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National Institute of Arthritis and Musculoskeletal and Skin Diseases

(continued)

How Does Osteoarthritis Affect People? continued...

Osteoarthritis affects different people differently. Although in some people it progresses quickly, in most individuals joint damage develops gradually over years. In some people, osteoarthritis is relatively mild and interferes little with day-to-day-life; in others, it causes significant pain and disability.

While osteoarthritis is a disease of the joints, its effects are not just physical. In many people with osteoarthritis, lifestyle and finances also decline.

Lifestyle effects include

  • depression
  • anxiety
  • feelings of helplessness
  • limitations on daily activities
  • job limitations
  • difficulty participating in everyday personal and family joys and responsibilities.

Financial effects include

  • the cost of treatment
  • wages lost because of disability.

Fortunately, most people with osteoarthritis live active, productive lives despite these limitations. They do so by using treatment strategies such rest and exercise, pain relief medications, education and support programs, learning self-care, and having a “good attitude.”

Osteoarthritis Basics: The Joint and Its Parts

A joint is the point where two or more bones are connected. With a few exceptions (in the skull and pelvis, for example), joints are designed to allow movement between the bones and to absorb shock from movements like walking or repetitive motions. These movable joints are made up of the following parts:

Cartilage: a hard but slippery coating on the end of each bone. Cartilage, which breaks down and wears away in osteoarthritis, is described in more detail on the next page.

Joint capsule: a tough membrane sac that encloses all the bones and other joint parts.

Synovium (sin-O-vee-um): a thin membrane inside the joint capsule that secretes synovial fluid.

Synovial fluid: a fluid that lubricates the joint and keeps the cartilage smooth and healthy.

A Healthy Joint

Healthy Joint

In a healthy joint, the ends of bones are encased in smooth cartilage. Together, they are protected by a joint capsule lined with a synovial membrane that produces synovial fluid. The capsule and fluid protect the cartilage, muscles, and connective tissues.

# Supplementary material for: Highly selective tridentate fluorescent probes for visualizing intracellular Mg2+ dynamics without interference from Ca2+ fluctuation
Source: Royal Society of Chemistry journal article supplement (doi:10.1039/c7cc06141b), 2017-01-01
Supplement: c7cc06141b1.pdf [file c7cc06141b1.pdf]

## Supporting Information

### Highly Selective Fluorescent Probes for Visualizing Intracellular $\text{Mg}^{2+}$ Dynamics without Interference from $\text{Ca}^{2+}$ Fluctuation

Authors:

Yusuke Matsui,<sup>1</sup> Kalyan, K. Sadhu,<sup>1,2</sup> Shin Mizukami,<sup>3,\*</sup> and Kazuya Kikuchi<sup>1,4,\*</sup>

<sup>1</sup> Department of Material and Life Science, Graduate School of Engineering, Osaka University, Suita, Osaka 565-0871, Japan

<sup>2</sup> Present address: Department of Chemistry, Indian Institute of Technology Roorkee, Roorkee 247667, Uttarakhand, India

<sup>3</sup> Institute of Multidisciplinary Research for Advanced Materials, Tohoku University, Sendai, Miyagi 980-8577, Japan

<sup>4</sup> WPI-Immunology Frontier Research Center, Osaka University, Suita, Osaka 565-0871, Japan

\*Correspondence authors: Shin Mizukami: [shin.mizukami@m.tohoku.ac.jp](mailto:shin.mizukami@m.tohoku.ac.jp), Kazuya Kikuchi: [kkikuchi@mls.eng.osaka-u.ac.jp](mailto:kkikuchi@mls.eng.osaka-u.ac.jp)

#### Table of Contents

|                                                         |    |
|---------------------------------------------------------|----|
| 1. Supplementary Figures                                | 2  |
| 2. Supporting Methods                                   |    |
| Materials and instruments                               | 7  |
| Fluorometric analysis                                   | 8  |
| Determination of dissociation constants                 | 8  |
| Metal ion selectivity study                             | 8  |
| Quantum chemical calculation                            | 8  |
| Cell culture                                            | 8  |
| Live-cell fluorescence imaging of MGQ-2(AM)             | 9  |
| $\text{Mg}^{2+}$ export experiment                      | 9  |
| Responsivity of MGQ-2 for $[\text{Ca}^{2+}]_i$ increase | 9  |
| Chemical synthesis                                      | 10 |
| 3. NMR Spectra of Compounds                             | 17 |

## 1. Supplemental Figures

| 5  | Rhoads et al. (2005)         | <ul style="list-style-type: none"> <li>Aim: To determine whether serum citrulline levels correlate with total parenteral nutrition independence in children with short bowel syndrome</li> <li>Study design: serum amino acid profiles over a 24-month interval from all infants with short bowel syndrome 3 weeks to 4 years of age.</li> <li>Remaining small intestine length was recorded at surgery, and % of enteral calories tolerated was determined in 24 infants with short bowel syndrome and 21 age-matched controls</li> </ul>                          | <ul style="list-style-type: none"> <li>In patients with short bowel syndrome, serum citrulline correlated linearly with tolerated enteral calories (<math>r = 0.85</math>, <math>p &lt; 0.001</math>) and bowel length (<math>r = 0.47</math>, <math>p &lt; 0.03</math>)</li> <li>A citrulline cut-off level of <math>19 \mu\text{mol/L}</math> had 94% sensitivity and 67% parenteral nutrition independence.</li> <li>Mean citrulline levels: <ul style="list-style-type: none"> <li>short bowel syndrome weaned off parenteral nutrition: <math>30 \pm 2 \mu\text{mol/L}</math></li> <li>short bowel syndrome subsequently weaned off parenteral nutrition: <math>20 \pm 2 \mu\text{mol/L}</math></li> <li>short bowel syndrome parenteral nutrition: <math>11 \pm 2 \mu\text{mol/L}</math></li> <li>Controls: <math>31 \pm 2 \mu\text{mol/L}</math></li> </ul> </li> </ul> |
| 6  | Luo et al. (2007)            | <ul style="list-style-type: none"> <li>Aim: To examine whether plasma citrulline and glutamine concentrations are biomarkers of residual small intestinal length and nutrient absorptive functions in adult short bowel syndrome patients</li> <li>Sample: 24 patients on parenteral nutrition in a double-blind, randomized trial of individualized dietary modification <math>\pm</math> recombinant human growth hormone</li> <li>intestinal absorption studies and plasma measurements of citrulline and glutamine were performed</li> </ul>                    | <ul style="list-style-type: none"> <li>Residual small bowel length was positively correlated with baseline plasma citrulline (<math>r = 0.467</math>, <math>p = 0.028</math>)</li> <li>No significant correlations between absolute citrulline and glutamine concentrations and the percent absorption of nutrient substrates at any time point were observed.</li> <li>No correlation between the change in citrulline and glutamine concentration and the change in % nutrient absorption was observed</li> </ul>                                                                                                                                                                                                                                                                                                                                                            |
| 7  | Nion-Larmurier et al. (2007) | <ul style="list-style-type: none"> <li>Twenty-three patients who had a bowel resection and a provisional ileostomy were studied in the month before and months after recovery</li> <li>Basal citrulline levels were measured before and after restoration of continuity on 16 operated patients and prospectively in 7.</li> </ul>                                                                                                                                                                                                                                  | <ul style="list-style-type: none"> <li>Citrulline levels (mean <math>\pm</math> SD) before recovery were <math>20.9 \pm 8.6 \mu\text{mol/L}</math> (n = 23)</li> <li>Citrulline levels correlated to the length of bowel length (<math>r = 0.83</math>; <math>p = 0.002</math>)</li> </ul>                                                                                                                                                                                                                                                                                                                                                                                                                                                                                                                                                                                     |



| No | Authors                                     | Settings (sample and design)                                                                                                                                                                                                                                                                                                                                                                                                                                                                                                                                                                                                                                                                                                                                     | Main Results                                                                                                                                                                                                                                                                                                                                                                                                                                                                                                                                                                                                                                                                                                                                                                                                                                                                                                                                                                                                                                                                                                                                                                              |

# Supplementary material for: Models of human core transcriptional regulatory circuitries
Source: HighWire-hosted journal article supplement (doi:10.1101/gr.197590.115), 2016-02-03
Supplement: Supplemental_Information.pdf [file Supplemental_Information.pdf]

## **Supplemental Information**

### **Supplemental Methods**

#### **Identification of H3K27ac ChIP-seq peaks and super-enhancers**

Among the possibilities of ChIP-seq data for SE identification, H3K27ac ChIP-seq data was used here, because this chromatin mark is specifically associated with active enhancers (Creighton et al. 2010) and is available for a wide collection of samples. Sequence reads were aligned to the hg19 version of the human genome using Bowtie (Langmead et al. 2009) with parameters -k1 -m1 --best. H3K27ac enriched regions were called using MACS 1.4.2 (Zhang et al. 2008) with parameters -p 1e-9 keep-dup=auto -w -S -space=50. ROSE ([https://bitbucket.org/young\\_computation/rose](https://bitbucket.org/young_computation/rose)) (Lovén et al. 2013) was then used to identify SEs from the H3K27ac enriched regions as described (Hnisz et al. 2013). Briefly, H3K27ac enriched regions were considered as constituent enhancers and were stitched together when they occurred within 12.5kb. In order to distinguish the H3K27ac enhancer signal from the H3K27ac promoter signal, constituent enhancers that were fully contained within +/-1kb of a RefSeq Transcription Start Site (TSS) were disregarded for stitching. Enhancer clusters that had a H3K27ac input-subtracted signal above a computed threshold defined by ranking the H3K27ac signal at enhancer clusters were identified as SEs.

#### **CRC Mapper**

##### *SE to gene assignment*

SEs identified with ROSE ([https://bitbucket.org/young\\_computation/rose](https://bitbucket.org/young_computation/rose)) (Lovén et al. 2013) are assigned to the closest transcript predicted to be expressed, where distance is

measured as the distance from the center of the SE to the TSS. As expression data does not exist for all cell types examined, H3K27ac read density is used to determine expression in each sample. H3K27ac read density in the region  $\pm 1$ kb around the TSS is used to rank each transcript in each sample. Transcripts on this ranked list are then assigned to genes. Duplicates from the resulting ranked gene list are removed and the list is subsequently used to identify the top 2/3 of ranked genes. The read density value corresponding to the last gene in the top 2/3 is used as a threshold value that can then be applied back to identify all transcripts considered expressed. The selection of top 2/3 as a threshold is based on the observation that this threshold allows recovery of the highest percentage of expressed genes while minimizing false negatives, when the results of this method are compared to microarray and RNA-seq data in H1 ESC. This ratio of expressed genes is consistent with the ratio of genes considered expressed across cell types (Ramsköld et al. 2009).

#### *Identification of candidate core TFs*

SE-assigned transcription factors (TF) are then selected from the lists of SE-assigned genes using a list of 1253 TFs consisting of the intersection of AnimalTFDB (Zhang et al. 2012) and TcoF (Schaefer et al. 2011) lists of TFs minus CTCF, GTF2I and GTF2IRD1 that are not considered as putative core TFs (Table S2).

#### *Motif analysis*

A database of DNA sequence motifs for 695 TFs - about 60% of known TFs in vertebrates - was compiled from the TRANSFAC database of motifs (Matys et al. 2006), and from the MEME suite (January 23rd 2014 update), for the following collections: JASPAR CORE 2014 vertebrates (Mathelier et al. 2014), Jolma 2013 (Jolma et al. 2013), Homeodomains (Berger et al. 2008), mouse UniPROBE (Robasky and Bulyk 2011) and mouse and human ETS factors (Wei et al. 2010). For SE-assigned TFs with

A Joint With Severe Osteoarthritis

Osteoarthritis Joint

 

With osteoarthritis, the cartilage becomes worn away. Spurs grow out from the edge of the bone, and synovial fluid increases. Altogether, the joint feels stiff and sore.

Ligaments, tendons, and muscles are tissues that surround the bones and joints, and allow the joints to bend and move. Ligaments are tough, cord-like tissues that connect one bone to another. Tendons are tough, fibrous cords that connect muscles to bones. Muscles are bundles of specialized cells that, when stimulated by nerves, either relax or contract to produce movement.

Cartilage: The Key to Healthy Joints

Cartilage is 65 to 80 percent water. The remaining three components – collagen, proteoglycans, and chondrocytes – are described below.

  • collagen(KAHL-uh-jen): A family of fibrous proteins, collagens are the building blocks of skin, tendon, bone, and other connective tissues.

  • proteoglycans(PRO-tee-uh-GLY-kanz): Made up of proteins and sugars, strands of proteoglycans interweave with collagens and form a mesh-like tissue. This allows cartilage to flex and absorb physical shock.

  • chondrocytes(KAHN-druh-sytz): Found throughout the cartilage, chondrocytes are cells that produce cartilage and help it stay healthy as it grows. Sometimes, however, they release substances called enzymes that destroy collagen and other proteins. Researchers are trying to learn more about chondrocytes.

 


WebMD Public Information from the U.S. National Institutes of Health

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